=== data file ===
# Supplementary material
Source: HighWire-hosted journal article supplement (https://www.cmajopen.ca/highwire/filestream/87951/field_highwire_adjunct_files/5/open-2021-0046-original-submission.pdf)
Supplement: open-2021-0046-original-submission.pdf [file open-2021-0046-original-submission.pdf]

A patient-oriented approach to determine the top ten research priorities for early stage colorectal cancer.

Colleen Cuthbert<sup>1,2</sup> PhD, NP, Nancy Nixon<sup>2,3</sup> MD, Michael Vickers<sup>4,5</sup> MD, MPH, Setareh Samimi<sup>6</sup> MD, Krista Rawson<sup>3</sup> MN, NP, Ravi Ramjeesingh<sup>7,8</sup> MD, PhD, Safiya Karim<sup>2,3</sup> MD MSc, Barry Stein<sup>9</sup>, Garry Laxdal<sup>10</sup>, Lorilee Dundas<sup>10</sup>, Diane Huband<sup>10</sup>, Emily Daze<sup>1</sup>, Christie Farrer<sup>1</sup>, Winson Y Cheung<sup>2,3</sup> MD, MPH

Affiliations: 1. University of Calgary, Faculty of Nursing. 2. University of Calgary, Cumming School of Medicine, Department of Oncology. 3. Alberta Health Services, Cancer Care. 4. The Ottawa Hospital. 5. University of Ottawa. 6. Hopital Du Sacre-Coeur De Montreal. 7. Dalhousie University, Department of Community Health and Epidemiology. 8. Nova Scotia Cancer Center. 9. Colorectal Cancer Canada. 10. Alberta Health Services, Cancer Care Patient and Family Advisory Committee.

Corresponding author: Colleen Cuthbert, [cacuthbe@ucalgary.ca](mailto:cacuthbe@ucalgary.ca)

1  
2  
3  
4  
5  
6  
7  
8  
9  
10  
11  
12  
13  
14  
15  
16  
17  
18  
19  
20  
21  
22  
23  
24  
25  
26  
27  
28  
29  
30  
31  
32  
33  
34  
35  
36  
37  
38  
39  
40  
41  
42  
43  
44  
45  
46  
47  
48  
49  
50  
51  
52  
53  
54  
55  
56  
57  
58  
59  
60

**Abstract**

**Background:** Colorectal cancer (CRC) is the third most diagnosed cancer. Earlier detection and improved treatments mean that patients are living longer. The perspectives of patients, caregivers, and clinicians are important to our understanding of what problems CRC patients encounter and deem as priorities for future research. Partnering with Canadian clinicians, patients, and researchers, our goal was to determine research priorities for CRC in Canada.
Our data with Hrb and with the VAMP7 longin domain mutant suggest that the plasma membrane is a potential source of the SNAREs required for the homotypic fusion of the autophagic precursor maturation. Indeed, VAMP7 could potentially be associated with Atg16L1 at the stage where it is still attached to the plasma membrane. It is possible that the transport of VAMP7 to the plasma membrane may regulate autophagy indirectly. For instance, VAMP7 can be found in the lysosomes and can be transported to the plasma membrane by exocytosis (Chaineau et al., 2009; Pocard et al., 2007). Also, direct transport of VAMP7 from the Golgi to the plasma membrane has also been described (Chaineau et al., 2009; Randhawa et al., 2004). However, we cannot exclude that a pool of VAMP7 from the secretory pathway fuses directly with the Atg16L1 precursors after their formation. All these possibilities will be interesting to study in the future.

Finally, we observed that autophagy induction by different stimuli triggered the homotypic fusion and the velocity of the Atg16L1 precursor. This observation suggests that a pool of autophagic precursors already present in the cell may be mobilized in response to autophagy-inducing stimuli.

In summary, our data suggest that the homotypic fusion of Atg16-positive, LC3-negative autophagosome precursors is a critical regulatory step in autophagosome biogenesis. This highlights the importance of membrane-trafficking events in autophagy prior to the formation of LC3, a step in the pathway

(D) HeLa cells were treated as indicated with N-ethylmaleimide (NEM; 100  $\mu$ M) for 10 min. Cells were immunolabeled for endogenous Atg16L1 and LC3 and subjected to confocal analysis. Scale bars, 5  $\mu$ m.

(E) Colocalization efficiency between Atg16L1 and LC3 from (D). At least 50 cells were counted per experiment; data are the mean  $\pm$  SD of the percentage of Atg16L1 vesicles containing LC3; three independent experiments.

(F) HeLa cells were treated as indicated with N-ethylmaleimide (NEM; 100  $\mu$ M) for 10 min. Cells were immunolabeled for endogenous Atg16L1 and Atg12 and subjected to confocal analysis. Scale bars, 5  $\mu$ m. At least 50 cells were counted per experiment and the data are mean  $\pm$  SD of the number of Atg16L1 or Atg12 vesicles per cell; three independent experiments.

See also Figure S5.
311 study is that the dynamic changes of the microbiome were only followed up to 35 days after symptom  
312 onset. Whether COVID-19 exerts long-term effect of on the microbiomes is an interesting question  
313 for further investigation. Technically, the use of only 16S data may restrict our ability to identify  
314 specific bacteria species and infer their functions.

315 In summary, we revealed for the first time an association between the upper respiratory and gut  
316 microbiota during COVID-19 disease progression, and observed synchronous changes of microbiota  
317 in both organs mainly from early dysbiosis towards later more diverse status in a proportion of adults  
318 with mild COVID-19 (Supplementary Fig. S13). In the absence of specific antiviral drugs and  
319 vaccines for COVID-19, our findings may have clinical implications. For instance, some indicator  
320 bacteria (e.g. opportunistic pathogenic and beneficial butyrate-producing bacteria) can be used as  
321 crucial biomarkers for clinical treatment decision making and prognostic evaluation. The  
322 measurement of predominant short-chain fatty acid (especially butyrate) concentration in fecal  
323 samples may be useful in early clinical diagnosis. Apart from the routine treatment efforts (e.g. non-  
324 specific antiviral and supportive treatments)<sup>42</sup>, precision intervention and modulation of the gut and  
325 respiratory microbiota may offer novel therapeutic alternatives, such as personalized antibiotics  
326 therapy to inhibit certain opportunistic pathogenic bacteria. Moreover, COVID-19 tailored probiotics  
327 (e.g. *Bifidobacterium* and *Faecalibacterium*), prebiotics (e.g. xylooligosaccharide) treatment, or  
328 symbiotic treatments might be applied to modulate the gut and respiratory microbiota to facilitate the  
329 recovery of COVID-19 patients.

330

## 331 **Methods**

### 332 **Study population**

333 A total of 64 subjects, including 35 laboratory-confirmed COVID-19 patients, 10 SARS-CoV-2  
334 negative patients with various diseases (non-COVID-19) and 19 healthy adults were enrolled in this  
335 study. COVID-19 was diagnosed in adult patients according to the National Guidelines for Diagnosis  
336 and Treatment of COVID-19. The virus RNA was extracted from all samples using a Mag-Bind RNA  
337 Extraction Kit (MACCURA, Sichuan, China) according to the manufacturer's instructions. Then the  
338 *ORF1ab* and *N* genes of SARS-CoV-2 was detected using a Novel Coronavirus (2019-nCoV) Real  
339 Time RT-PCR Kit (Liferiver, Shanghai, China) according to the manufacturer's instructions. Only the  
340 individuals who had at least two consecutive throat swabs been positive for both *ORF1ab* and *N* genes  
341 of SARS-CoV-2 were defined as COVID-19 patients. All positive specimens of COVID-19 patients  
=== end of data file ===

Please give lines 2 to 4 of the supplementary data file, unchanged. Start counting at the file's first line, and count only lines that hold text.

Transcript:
Source: HighWire-hosted journal article supplement (https://www.cmajopen.ca/highwire/filestream/87951/field_highwire_adjunct_files/5/open-2021-0046-original-submission.pdf)
Supplement: open-2021-0046-original-submission.pdf [file open-2021-0046-original-submission.pdf]

A patient-oriented approach to determine the top ten research priorities for early stage colorectal cancer.